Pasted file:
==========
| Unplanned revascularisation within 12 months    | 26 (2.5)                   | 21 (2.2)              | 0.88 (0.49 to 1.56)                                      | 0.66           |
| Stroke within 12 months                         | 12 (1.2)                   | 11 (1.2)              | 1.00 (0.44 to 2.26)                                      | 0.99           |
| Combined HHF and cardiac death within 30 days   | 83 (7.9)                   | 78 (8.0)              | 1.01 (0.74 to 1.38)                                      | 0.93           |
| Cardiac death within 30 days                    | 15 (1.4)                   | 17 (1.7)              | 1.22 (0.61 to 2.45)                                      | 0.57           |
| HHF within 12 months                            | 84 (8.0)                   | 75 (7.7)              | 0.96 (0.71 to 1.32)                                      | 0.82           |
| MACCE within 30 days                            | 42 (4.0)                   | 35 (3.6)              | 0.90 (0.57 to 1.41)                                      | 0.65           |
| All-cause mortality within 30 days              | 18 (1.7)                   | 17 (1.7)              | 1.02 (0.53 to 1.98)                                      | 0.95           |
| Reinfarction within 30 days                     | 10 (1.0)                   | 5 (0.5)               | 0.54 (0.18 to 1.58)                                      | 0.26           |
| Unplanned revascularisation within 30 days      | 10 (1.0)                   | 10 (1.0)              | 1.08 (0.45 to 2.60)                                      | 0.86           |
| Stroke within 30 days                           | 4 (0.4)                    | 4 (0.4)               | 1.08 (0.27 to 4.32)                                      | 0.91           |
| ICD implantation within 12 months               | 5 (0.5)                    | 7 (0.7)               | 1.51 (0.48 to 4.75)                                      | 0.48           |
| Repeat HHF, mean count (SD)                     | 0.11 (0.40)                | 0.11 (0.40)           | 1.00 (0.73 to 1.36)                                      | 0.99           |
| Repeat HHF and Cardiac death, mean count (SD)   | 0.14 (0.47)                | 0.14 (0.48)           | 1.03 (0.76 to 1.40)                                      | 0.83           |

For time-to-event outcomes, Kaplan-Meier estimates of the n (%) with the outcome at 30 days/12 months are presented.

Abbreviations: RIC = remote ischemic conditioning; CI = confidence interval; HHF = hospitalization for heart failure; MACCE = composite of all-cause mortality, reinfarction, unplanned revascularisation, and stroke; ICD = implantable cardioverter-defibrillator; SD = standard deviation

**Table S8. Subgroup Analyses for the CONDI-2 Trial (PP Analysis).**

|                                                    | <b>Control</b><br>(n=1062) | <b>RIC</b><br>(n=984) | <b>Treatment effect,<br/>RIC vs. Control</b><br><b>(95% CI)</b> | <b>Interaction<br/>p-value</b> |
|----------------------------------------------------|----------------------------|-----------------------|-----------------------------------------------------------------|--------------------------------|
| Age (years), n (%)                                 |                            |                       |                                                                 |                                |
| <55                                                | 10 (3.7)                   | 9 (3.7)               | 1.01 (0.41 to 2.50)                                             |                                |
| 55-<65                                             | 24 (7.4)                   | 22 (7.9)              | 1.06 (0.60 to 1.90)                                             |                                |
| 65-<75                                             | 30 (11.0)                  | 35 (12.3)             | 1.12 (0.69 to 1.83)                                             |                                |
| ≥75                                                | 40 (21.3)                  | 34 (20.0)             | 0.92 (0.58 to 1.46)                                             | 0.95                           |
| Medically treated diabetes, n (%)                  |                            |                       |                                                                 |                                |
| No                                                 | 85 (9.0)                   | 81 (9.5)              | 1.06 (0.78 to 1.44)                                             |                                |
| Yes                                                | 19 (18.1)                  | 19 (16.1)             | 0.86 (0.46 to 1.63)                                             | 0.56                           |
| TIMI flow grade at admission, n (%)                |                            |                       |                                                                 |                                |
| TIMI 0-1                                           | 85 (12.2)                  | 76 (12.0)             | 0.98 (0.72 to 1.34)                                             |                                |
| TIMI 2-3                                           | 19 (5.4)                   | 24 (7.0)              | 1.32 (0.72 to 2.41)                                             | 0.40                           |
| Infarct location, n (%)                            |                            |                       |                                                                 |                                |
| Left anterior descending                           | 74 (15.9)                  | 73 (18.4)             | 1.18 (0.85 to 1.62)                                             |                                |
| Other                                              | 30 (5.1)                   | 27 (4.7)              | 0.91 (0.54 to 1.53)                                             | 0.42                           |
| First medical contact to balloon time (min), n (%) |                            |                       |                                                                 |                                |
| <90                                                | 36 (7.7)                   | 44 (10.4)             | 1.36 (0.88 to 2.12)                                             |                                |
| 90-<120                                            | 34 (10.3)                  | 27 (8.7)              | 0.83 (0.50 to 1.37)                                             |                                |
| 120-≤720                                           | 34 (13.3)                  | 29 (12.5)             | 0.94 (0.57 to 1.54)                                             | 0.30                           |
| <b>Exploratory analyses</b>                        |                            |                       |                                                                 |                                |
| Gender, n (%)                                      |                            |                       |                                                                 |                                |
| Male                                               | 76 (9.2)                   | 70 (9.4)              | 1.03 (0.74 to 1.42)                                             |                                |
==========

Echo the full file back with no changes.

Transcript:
| Unplanned revascularisation within 12 months    | 26 (2.5)                   | 21 (2.2)              | 0.88 (0.49 to 1.56)                                      | 0.66           |
| Stroke within 12 months                         | 12 (1.2)                   | 11 (1.2)              | 1.00 (0.44 to 2.26)                                      | 0.99           |
| Combined HHF and cardiac death within 30 days   | 83 (7.9)                   | 78 (8.0)              | 1.01 (0.74 to 1.38)                                      | 0.93           |
| Cardiac death within 30 days                    | 15 (1.4)                   | 17 (1.7)              | 1.22 (0.61 to 2.45)                                      | 0.57           |
| HHF within 12 months                            | 84 (8.0)                   | 75 (7.7)              | 0.96 (0.71 to 1.32)                                      | 0.82           |
| MACCE within 30 days                            | 42 (4.0)                   | 35 (3.6)              | 0.90 (0.57 to 1.41)                                      | 0.65           |
| All-cause mortality within 30 days              | 18 (1.7)                   | 17 (1.7)              | 1.02 (0.53 to 1.98)                                      | 0.95           |
| Reinfarction within 30 days                     | 10 (1.0)                   | 5 (0.5)               | 0.54 (0.18 to 1.58)                                      | 0.26           |
| Unplanned revascularisation within 30 days      | 10 (1.0)                   | 10 (1.0)              | 1.08 (0.45 to 2.60)                                      | 0.86           |
| Stroke within 30 days                           | 4 (0.4)                    | 4 (0.4)               | 1.08 (0.27 to 4.32)                                      | 0.91           |
| ICD implantation within 12 months               | 5 (0.5)                    | 7 (0.7)               | 1.51 (0.48 to 4.75)                                      | 0.48           |
| Repeat HHF, mean count (SD)                     | 0.11 (0.40)                | 0.11 (0.40)           | 1.00 (0.73 to 1.36)                                      | 0.99           |
| Repeat HHF and Cardiac death, mean count (SD)   | 0.14 (0.47)                | 0.14 (0.48)           | 1.03 (0.76 to 1.40)                                      | 0.83           |

For time-to-event outcomes, Kaplan-Meier estimates of the n (%) with the outcome at 30 days/12 months are presented.

Abbreviations: RIC = remote ischemic conditioning; CI = confidence interval; HHF = hospitalization for heart failure; MACCE = composite of all-cause mortality, reinfarction, unplanned revascularisation, and stroke; ICD = implantable cardioverter-defibrillator; SD = standard deviation

**Table S8. Subgroup Analyses for the CONDI-2 Trial (PP Analysis).**

|                                                    | <b>Control</b><br>(n=1062) | <b>RIC</b><br>(n=984) | <b>Treatment effect,<br/>RIC vs. Control</b><br><b>(95% CI)</b> | <b>Interaction<br/>p-value</b> |
|----------------------------------------------------|----------------------------|-----------------------|-----------------------------------------------------------------|--------------------------------|
| Age (years), n (%)                                 |                            |                       |                                                                 |                                |
| <55                                                | 10 (3.7)                   | 9 (3.7)               | 1.01 (0.41 to 2.50)                                             |                                |
| 55-<65                                             | 24 (7.4)                   | 22 (7.9)              | 1.06 (0.60 to 1.90)                                             |                                |
| 65-<75                                             | 30 (11.0)                  | 35 (12.3)             | 1.12 (0.69 to 1.83)                                             |                                |
| ≥75                                                | 40 (21.3)                  | 34 (20.0)             | 0.92 (0.58 to 1.46)                                             | 0.95                           |
| Medically treated diabetes, n (%)                  |                            |                       |                                                                 |                                |
| No                                                 | 85 (9.0)                   | 81 (9.5)              | 1.06 (0.78 to 1.44)                                             |                                |
| Yes                                                | 19 (18.1)                  | 19 (16.1)             | 0.86 (0.46 to 1.63)                                             | 0.56                           |
| TIMI flow grade at admission, n (%)                |                            |                       |                                                                 |                                |
| TIMI 0-1                                           | 85 (12.2)                  | 76 (12.0)             | 0.98 (0.72 to 1.34)                                             |                                |
| TIMI 2-3                                           | 19 (5.4)                   | 24 (7.0)              | 1.32 (0.72 to 2.41)                                             | 0.40                           |
| Infarct location, n (%)                            |                            |                       |                                                                 |                                |
| Left anterior descending                           | 74 (15.9)                  | 73 (18.4)             | 1.18 (0.85 to 1.62)                                             |                                |
| Other                                              | 30 (5.1)                   | 27 (4.7)              | 0.91 (0.54 to 1.53)                                             | 0.42                           |
| First medical contact to balloon time (min), n (%) |                            |                       |                                                                 |                                |
| <90                                                | 36 (7.7)                   | 44 (10.4)             | 1.36 (0.88 to 2.12)                                             |                                |
| 90-<120                                            | 34 (10.3)                  | 27 (8.7)              | 0.83 (0.50 to 1.37)                                             |                                |
| 120-≤720                                           | 34 (13.3)                  | 29 (12.5)             | 0.94 (0.57 to 1.54)                                             | 0.30                           |
| <b>Exploratory analyses</b>                        |                            |                       |                                                                 |                                |
| Gender, n (%)                                      |                            |                       |                                                                 |                                |
| Male                                               | 76 (9.2)                   | 70 (9.4)              | 1.03 (0.74 to 1.42)                                             |                                |